Releasing quietly on VOD in the middle of the UK prestige film season after a Tribeca Festival premiere last year, and with subject matter that will likely turn a lot of people off, King Cobra is a film that is doomed to be overlooked. It’s unfortunate, because it’s a lean, effective thriller-comedy, covering a sad and strange true story about jealousy and delusion in the gay porn industry. With a wry sense of humour that doesn’t downplay the seriousness of its story, Justin Kelly’s follow-up to his rather stolid I Am Michael is a highly diverting way to spend 90 minutes, especially in the company of a firing-on-all-cylinders James Franco. 

In 2007, gay porn producer Bryan Kocis (known as King Cobra in the industry) was murdered in his home by a rival producer, ostensibly over a contract dispute regarding one of Kocis’ former stars. Renamed Stephen in this telling of the story, Christian Slater plays this character with sympathy and insight without letting him off for his controlling behaviour and penchant for almost-underage men. These traits, manifesting themselves once rising star Sean Paul Lockhart/Brent Corrigan (Garrett Clayton) moves in with Stephen to shoot a series of films, are what land Stephen in so much trouble, driving the action in the film’s second half.

Initially, King Cobra is entirely Sean’s story. Renaming himself Brent and moving away from home, we see him lying to his mother (Alicia Silverstone) about interning at a movie studio before becoming an immediate hit in the porn world. Where some films would have gone down an entirely dark and seedy route with this story, Kelly provides a more nuanced take. Sean is clearly being exploited, but he wants for nothing, seems to genuinely enjoy his work, and manages to avoid the various addictions and STIs so inextricably intertwined with most sex work. It’s only once he finds out just how much of a profit Stephen is making off his work that problems start to bubble up.

Running at just 90 minutes, King Cobra finds plenty of space for character building in amongst a rapidly moving plot and various energetically directed sex scenes. This focus pays huge dividends in the final third of the film, especially with the duo that orchestrates Stephen’s murder, producers and escorts Harlow (Keegan Allen) and Joe (Franco). Their relationship, with Joe in a very controlling role, mirrors that of Stephen and Brent, and hammers home the theme of delusional love leading to possessiveness, which forces ever more drastic decisions.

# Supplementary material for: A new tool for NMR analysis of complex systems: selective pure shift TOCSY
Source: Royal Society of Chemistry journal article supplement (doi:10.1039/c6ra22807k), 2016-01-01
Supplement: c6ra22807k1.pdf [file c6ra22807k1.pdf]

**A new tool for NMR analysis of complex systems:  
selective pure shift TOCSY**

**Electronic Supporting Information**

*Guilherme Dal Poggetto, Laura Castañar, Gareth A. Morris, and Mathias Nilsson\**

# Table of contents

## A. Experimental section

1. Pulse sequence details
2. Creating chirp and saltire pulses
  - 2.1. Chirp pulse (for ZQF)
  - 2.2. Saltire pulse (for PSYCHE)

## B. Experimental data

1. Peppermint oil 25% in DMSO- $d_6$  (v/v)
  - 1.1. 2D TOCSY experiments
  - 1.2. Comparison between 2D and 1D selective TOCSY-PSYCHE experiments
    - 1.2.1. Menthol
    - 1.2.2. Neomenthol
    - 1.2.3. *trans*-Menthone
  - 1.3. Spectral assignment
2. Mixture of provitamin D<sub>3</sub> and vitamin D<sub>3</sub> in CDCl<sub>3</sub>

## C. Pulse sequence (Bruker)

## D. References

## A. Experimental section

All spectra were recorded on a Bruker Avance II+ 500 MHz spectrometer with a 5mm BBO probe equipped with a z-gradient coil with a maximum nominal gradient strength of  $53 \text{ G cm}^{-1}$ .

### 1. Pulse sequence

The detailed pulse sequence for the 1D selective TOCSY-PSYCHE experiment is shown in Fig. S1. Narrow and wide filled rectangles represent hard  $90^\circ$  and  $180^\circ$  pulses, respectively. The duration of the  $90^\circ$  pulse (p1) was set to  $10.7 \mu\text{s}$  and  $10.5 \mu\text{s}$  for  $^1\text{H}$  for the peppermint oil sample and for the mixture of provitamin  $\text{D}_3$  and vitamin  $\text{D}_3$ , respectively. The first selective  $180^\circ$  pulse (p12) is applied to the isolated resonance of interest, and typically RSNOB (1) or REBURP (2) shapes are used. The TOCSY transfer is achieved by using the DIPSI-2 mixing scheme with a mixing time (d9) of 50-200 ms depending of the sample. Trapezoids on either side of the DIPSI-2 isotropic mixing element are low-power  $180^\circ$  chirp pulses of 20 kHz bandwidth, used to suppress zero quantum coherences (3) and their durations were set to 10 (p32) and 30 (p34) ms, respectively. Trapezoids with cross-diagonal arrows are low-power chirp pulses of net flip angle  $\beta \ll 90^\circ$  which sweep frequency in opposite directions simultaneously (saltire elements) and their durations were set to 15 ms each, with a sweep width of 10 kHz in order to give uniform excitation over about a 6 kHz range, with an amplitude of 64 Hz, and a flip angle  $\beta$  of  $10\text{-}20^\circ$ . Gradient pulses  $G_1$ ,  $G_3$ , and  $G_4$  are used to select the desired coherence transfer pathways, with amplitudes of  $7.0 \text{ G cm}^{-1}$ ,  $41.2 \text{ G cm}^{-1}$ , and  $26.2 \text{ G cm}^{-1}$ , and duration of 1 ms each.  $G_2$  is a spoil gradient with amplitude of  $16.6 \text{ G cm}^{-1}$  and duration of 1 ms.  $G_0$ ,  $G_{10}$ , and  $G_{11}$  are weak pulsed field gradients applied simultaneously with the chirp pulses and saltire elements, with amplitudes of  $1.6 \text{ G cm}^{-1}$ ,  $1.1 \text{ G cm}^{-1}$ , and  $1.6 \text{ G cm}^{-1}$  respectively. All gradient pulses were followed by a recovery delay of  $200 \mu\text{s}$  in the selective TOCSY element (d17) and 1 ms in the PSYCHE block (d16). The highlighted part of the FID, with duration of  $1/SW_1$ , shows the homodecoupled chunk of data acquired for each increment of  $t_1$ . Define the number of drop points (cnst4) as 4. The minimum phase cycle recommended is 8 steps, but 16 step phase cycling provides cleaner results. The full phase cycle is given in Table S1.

When we first meet Harlow and Joe, it’s hard to imagine them pulling off a cold-blooded killing, even as they vigorously lift weights while yelling ‘no little bitches’. Yet, lines that at first seem throwaway start to reveal more and more about them and their capabilities, and by the time that Stephen is getting in the way of them paying off their debts through Sean’s videos, it becomes frighteningly obvious just how far they’re willing to go. Of course, this is helped hugely by a magnetic performance from James Franco.

As Joe, Franco is as livewire as he’s been since perhaps Spring Breakers, putting every ounce of his considerable charisma to hilarious, charming, and intimidating use. It’s a role where a gentle smirk can turn into violent rage with little to no provocation, and Franco manages to ground it in reality, ensuring that his menace is of a piece with the tone of the rest of the film. Unshowy and clear-eyed direction melds with a great score by Tim Kvasnosky, which is simultaneously foreboding and fittingly sleazy, to present us with a largely unfamiliar world and its very real dangers.

Clayton’s central performance takes a while to really click, and the opening 15 minutes are rather scattershot, but once King Cobra finds its footing, it starts to drag you along an irresistibly compelling path. Superbly paced and highly entertaining, it’s also a valuable reminder of how good James Franco can be when he’s in material that doesn’t take itself too seriously.


Written and Directed by Justin Kelly

Starring; Garrett Clayton, Christian Slater, James Franco

Runtime: 91 mins

Rating: 15